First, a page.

Date  Headline

  • 13.10.2014
    Lictor Anstalt v Mir Steel UK Ltd.; Libala Ltd. [2014] EWHC 3316 (Ch)
    • Key areas: relief from sanction; High Court

      This was a judgment following a 9-day liability trial, and an application to rely on evidence served out-of-time.

      After the end of day 7 of the trial, the Claimant issued an application to rely on a witness statement; or to rely on related documents under the s. 9 Civil Evidence Act 1995; or for relief from sanction.

      The evidence related to incorporation within Liechtenstein, and over whether another party in the claim had authority to sign documentation, and the Claimant did not suggest that the new witness had to be cross-examined.

      The Court held that the evidence should have been served 19 months ago, and disclosure at this stage was disruptive. It also held that the error was entirely down to the Claimant, but was unintentional.

      As a result, the Claimant was unable to rely on the statement.

      The Court then turned to the related documentation. It held that the documents were of a Public Register, and so s. 9 was not relevant, but they too should have been served 19 months ago.

      However, the Judge did grant relief from sanction, and that the documents could be dealt with in written submissions or on oral closing statements. He ruled this after taking into account all the facts, including efficient conduct and justice to the parties, and that the evidence related to a “very limited” issue.

  • 10.10.2014
    Weatherford Global Products Ltd. v Hydropath Holdings Ltd.; Clearwell International Ltd.; MSL Oilfield Services Ltd.; Clark; Lauretti; Stefanini [2014] EWHC 3243 (TCC)
    • Key areas: non-party costs orders; party’s conduct; High Court

      This was a hearing to determine applications for non-party costs orders against the Seventh Party (Stefanini).

      The First and Second Defendants had been ordered to pay the Claimant’s costs of its claim on the Standard Basis; and the costs of the Claimant, Fourth, Fifth and Sixth Parties on the Indemnity Basis in relation to their own counter-claim. Interim costs payments totalling £975,000 were also ordered, but had not been paid.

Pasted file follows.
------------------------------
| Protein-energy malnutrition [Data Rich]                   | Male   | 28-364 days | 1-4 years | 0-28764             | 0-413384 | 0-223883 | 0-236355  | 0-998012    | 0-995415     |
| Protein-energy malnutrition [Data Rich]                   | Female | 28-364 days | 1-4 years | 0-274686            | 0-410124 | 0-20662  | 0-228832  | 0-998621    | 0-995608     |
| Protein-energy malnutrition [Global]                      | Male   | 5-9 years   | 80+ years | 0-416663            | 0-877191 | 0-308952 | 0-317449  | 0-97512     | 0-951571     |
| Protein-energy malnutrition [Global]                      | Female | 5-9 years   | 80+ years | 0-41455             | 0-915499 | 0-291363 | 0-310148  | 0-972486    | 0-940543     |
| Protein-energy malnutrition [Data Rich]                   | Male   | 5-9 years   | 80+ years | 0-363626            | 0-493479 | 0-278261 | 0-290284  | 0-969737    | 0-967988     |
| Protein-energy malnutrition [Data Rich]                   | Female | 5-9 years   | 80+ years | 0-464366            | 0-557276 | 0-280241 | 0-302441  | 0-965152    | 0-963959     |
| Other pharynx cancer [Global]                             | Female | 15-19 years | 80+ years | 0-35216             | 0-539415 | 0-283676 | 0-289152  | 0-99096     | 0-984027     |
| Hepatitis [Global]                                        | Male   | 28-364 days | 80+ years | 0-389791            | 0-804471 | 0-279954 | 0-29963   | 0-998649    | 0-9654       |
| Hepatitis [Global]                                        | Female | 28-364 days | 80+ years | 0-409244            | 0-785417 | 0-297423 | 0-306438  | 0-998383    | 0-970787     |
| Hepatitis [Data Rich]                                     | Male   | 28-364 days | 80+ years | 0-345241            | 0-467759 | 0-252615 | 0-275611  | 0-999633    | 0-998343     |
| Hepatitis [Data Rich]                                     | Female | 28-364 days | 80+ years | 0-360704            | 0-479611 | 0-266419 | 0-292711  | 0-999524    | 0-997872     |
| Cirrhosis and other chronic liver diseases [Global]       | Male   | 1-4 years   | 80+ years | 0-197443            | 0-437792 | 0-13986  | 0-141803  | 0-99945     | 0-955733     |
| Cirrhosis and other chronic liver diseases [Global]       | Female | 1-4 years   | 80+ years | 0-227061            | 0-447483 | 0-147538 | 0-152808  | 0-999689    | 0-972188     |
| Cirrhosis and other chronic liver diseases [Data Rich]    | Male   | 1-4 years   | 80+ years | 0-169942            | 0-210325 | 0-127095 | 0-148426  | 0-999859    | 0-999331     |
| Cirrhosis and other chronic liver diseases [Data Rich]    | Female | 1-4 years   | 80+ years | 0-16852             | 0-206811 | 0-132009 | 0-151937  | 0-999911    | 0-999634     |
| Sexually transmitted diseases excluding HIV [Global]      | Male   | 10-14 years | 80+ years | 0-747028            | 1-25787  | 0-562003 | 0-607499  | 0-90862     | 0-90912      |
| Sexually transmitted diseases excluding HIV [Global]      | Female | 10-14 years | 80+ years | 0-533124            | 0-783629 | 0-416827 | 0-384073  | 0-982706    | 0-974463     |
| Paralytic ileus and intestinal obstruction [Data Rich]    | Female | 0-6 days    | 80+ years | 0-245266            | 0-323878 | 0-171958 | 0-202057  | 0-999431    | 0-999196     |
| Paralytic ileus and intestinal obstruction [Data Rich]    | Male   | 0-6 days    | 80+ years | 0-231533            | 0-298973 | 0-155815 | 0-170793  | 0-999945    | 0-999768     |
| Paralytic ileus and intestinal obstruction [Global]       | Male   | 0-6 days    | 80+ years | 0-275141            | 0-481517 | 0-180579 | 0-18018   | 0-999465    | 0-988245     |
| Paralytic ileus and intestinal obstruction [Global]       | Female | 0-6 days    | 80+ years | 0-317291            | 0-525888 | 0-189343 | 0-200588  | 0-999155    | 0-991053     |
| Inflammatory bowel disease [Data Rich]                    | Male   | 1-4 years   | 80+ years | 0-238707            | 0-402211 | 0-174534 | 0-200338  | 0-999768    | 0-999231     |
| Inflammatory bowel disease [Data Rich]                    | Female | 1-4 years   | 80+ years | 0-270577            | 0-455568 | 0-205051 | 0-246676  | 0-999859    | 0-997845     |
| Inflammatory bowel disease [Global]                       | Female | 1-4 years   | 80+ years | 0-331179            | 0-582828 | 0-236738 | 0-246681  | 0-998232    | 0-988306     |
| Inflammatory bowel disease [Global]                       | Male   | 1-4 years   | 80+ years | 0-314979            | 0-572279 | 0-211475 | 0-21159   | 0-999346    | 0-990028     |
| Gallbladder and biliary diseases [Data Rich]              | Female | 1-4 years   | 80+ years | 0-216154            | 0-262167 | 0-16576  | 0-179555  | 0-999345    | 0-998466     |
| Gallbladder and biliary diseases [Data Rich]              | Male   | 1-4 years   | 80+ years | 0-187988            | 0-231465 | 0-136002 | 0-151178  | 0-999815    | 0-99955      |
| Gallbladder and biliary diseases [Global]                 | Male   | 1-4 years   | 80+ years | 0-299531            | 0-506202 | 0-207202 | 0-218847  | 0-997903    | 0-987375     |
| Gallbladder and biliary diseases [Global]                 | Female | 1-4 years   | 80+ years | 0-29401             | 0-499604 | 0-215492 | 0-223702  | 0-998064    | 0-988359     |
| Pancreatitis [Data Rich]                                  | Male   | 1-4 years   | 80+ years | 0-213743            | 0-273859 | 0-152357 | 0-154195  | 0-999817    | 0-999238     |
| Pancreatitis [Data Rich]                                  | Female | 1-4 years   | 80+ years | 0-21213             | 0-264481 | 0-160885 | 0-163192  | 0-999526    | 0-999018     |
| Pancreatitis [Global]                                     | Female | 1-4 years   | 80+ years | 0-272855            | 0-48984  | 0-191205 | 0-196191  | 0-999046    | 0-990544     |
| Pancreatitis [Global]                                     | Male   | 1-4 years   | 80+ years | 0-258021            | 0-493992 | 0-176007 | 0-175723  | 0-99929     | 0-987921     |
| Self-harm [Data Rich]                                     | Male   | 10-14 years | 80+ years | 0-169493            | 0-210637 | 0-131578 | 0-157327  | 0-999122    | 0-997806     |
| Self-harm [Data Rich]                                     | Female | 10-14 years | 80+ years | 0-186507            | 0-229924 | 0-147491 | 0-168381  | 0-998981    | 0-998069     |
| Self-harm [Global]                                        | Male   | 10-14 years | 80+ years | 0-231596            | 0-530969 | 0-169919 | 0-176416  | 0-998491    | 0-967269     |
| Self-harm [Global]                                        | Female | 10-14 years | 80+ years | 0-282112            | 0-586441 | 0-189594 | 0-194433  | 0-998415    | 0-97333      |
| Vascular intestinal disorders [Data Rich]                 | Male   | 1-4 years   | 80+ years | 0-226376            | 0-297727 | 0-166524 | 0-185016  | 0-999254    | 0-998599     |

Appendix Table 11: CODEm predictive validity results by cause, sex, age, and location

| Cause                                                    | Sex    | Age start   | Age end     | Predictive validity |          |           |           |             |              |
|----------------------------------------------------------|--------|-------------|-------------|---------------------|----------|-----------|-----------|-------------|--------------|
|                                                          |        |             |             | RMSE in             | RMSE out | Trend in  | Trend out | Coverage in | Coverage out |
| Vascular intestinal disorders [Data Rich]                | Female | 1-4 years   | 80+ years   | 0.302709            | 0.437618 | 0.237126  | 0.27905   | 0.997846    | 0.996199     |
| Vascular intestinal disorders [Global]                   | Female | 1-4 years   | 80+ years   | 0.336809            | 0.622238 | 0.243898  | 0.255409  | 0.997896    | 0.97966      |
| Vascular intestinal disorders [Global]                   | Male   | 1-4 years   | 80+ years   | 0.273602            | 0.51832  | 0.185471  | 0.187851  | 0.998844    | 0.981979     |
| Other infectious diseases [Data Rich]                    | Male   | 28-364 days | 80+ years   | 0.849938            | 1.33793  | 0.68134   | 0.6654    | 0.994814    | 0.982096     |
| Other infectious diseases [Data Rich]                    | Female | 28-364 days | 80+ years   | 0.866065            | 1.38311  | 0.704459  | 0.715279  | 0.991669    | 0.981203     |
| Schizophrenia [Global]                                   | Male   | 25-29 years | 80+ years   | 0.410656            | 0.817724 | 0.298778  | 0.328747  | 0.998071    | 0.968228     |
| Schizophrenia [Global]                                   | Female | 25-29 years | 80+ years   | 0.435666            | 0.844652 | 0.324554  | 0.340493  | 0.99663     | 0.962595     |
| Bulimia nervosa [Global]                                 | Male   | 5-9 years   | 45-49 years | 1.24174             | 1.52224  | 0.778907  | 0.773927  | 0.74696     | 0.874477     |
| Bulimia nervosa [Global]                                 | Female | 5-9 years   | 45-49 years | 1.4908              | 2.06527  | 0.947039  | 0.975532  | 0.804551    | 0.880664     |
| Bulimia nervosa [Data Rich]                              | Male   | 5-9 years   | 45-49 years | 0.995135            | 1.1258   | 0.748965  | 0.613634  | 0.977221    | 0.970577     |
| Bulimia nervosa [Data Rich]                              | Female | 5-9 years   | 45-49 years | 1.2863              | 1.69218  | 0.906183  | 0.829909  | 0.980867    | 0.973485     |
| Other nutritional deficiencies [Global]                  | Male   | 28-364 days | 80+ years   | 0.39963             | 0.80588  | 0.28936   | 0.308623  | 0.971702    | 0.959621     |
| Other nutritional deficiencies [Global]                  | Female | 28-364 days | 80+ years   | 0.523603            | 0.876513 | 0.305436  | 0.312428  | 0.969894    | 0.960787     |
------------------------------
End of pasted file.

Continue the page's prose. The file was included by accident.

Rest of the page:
The Court held that the Seventh Party was the “controlling mind” of the First and Second Defendants, based upon their company accounts, including a £800,000 loan he made during the claim; shareholdings; and his own witness evidence. It also held that he would personally benefit from the claims; and that it was “positively unlikely” he would have acted differently had he been warned that a costs order could be made against him.

      The Court also held that the counter-claims were “speculative”, and had no real analysis.

      As a result, the Court held that the Seventh Party personally pay the costs of the counter-claims, but ruled against ordering him to also pay the costs of the claim.

  • 10.10.2014
    OOO Abbott; Chasmer v Design & Display Ltd.; Eureka Display Ltd. [2014] EWHC 3234 (IPEC)
    • Key areas: Part 36 offer; Patents Court

      This was a hearing to determine damages in the Intellectual Property & Enterprise Court.

      The claim against the First Defendant settled for £488,173.

      At trial it was held that the Second Defendant had infringed, with the Claimants seeking an account of profits. After a CMC on the account issue, the Claimants accepted the Second Defendant’s Part 36 offer. The Second Defendant later told the Claimant that they had sold about 6-7 times more than thought when making the Part 36 offer, and so agreed to set-aside its acceptance.

      Under CPR 63.17A, damages are capped at £500,000, and so the total settlement was clearly in excess of this sum.

      The Claimants submitted that the cap related to amount payable by individual Defendants, not the total due.

      The Court considered that based upon its wording, the cap applied to the total, as a Claimant has an option of issuing or transferring the proceedings to the High Court, where the cap does not apply; or could issue separate IPEC proceedings against each Defendant, whereby each claim would be limited to £500,000.